November 23, 2009
I recently needed to be in San Francisco on business. That’s out in California, a long way from Austin.
The morning of my meeting, I was walking through a hall looking for my room. And there, in front of one set of doors, was a sign that screamed “Texas Economic Development.”
Now, while I knew that wasn’t my meeting, I was positive that I needed to know who in San Francisco was talking about economic development in Texas. I was equally positive that those folks needed to meet me.
So, uninvited but feeling like I belonged, I just walked in. Several heads turned, and at first I didn’t recognize any of them. I’d barely finished proclaiming who I was when I saw my friend, the Texas Secretary of State, rise, say hello, and introduce me to the group.
Turns out she was leading a group of economic development leaders from several small Texas cities. They were meeting with consultants who look for corporate relocation sites.
Later that day, I went to the gym to as part of my continued effort to remain among Austin’s fittest. As I was finishing my workout, I saw a middle-aged dude wearing a shirt proclaiming we should “Keep Austin Weird.” (Judging from the lack of “Keep San Francisco Weird” T-shirts, I guess they’re not too worried about it out there.)
He told me he wasn’t from Austin. He’s from San Francisco via New York, but he just really likes Austin and loves the T-shirt.
While he and I were getting to know one another, another guy walked by wearing a T-shirt with the iconic University of Texas Longhorn on it. He wasn’t from Austin either. Another New Yorker. Just likes UT and Austin.
The obvious lesson, of course, is that our newest economic development growth industry is right in front of our eyes: T-shirts. It’s big.
Of all the odd trends I’ve seen in three years in the state Senate, the strangest might be that whenever people start talking about the water shortages that Texas faces state-wide, it seems to rain.
Just last week, there was:
Then on Friday, of course, it rained. All day.
But as football fans know, the Longhorns pouring it on against the Baylor Bears, sadly, doesn’t necessarily mean they’re going to win the national championship in January. There’s still work to be done.
By the same token, as great as the recent rain has been, the State of Texas still has a lot of work to do to prepare for the future.
This is a subject that’s been very important to me for a very long time. When I was Austin Mayor, we negotiated with the LCRA to secure a 50-year raw water supply for Austin.
More recently, as State Senator, I encouraged and prodded the city and the LCRA to resolve a number of water disputes that had been simmering for far too long a time. The result was an agreement that is expected to cover Austin’s raw water needs over the next 100 years.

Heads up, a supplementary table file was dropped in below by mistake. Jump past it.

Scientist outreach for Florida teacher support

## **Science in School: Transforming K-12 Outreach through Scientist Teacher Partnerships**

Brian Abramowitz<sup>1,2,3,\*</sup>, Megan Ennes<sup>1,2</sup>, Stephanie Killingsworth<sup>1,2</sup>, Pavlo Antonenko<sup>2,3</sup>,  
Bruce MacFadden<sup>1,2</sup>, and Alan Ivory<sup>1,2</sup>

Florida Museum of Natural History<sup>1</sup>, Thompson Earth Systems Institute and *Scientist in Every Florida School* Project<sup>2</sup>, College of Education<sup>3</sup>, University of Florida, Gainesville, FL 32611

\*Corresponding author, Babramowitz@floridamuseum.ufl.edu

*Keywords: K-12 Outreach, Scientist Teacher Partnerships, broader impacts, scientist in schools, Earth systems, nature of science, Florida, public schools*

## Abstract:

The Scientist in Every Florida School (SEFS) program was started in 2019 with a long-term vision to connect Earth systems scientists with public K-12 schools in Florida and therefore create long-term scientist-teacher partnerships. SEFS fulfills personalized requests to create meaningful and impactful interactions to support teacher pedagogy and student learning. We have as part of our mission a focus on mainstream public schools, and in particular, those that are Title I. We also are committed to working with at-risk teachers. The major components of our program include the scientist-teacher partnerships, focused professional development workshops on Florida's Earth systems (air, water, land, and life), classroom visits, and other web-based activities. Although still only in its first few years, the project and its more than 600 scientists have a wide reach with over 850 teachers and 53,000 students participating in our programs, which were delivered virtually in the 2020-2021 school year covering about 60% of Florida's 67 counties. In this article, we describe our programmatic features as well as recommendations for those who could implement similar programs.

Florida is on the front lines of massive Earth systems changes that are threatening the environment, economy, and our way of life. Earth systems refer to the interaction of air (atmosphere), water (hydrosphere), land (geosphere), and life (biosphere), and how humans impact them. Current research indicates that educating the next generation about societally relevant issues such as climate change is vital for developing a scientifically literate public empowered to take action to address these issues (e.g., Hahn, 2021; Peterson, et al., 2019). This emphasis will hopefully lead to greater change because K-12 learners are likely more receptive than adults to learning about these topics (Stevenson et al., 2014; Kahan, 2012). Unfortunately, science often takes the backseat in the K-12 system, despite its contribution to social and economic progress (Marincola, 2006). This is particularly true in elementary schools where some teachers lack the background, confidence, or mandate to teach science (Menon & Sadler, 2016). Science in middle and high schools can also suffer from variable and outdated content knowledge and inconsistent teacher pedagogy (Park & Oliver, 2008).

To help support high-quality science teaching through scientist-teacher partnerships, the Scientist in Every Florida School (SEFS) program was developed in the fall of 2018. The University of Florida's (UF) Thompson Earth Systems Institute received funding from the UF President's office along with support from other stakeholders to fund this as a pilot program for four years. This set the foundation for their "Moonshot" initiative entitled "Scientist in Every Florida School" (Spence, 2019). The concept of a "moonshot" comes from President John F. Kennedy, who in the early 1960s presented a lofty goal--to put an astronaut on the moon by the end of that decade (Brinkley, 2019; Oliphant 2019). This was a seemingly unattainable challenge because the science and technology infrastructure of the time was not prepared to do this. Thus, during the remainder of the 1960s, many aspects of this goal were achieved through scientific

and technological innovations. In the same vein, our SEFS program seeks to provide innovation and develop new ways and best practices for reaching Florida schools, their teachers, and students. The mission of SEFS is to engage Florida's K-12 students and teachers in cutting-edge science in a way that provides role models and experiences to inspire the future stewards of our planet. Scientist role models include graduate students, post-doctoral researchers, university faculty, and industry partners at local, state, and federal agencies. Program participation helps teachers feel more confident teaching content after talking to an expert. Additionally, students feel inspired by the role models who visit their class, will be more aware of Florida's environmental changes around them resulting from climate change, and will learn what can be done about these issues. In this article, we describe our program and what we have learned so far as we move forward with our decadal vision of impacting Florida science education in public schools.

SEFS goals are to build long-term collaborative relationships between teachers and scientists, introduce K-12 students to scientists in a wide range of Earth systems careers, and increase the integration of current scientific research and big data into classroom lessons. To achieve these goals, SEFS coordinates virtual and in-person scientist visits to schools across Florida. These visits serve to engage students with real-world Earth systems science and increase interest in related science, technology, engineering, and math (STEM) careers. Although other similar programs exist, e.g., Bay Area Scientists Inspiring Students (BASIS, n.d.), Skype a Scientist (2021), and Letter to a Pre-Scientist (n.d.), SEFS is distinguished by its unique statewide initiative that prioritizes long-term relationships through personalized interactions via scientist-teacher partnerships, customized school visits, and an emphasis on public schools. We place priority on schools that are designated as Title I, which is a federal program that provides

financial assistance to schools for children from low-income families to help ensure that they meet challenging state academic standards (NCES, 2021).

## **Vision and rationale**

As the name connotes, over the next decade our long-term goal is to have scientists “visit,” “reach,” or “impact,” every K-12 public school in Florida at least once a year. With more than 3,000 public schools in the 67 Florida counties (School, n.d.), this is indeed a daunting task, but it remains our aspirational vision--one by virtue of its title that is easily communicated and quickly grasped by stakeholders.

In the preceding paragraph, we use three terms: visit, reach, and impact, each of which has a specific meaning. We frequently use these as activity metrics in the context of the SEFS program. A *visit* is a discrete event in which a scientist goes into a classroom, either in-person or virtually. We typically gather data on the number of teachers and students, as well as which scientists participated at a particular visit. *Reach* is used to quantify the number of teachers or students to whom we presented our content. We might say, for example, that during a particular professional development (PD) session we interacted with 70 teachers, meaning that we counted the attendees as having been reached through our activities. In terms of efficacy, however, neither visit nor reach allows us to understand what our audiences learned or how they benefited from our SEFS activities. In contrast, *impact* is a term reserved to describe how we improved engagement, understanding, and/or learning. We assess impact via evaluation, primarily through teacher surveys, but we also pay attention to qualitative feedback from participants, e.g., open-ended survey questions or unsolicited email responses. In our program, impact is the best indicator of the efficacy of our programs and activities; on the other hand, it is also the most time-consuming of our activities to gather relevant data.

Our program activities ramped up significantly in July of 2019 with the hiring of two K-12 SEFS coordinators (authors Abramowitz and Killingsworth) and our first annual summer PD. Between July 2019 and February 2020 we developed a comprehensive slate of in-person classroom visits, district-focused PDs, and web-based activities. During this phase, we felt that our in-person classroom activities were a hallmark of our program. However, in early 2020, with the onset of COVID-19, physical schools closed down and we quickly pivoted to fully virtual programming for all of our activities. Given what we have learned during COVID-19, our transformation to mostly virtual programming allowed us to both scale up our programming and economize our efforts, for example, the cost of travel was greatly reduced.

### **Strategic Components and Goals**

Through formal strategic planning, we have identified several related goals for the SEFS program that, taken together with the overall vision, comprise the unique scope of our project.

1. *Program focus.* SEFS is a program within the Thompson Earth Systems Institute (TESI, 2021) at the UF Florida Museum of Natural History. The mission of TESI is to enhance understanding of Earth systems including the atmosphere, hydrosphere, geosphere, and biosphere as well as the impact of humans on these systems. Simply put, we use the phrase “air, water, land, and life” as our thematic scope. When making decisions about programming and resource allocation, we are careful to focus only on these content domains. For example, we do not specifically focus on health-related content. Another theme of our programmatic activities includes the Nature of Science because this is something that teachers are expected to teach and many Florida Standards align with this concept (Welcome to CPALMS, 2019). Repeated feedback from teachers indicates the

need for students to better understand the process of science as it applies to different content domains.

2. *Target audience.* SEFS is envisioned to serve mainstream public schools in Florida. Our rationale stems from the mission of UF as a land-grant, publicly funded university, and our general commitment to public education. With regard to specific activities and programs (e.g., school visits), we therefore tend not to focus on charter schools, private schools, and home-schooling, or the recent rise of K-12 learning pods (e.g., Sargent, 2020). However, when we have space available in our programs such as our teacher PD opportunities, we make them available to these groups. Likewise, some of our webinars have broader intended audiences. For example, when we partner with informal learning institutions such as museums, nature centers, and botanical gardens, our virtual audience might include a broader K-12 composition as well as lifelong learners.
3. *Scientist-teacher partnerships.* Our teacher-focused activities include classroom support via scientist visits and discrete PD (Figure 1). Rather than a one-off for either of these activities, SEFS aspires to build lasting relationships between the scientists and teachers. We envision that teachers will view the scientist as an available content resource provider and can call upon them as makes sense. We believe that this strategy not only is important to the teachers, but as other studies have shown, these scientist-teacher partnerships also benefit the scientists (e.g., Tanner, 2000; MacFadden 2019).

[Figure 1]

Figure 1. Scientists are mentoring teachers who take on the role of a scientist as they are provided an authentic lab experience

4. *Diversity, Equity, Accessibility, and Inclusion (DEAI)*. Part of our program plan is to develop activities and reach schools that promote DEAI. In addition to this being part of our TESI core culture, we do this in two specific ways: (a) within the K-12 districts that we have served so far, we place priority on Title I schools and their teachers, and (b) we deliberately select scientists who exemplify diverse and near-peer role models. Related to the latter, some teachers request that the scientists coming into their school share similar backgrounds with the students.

Without question, Austin will – must – apply appropriate conservation measures and properly manage the raw water supply.
But I’m really proud that Austin’s in pretty good shape. Other growing cities may not be. The state’s population is projected to double in the next 50 years. But it isn’t like we’re going to get twice as much rain to keep up.
In fact, with the uncertainty that could come with a warming climate and long periods of drought, it’s possible that by 2060, twice as many people will be sharing even less water than we have available today.
So the question is, how will we deal with it? How will we make this finite resource go a lot further than it’s going today?
That question has become a lot more pressing in recent months. Our state’s water management plans are based on what we faced during the worst drought in recorded history – the seven-year drought in the 1950s.
Well, the drought we’ve endured over the last two years – the one that dropped Lake Travis so low over the summer – was actually drier and hotter than any two years of that 1950s drought.
In other words, the worst-case scenario in our current plans might not actually be the worst case we’ll face.
Now, no doubt, the rains over the last few weeks have helped a lot. Instead of an immediate screaming crisis, we’re back to dealing with the long-standing, simmering challenge we’ve known about for years. How we address it will help determine how Texans will live and how Texas will grow in coming generations.
But we know what’s coming. And we can either start getting ready for it now, or be threatened by it down the road.
There are a number of things that need to be on the agenda, particularly as we get ready for the next legislative session in 2011.
My friend Senator Kip Averitt, who hosted the water conference in Fort Worth, has talked about the need to fund the water plan that various regions have created (to learn more about that planning, preparation and funding effort, click here).
And I’m working on efforts to increase water conservation across Texas, particularly in urban areas.
There’s so much more we can do in Texas to manage our water supply prudently and conservatively. And I’ll be working hard in coming months to find ways that Central Texas and the rest of the state can double-down on water, making sure we’re using it responsibly even as we extend our supplies in the ways we need to.
This is an issue that affects all of us. Even though Austin has done well preparing for its future, we all need to be responsible, work together, and do everything we can to prepare for the economy we want and the people we know will be here.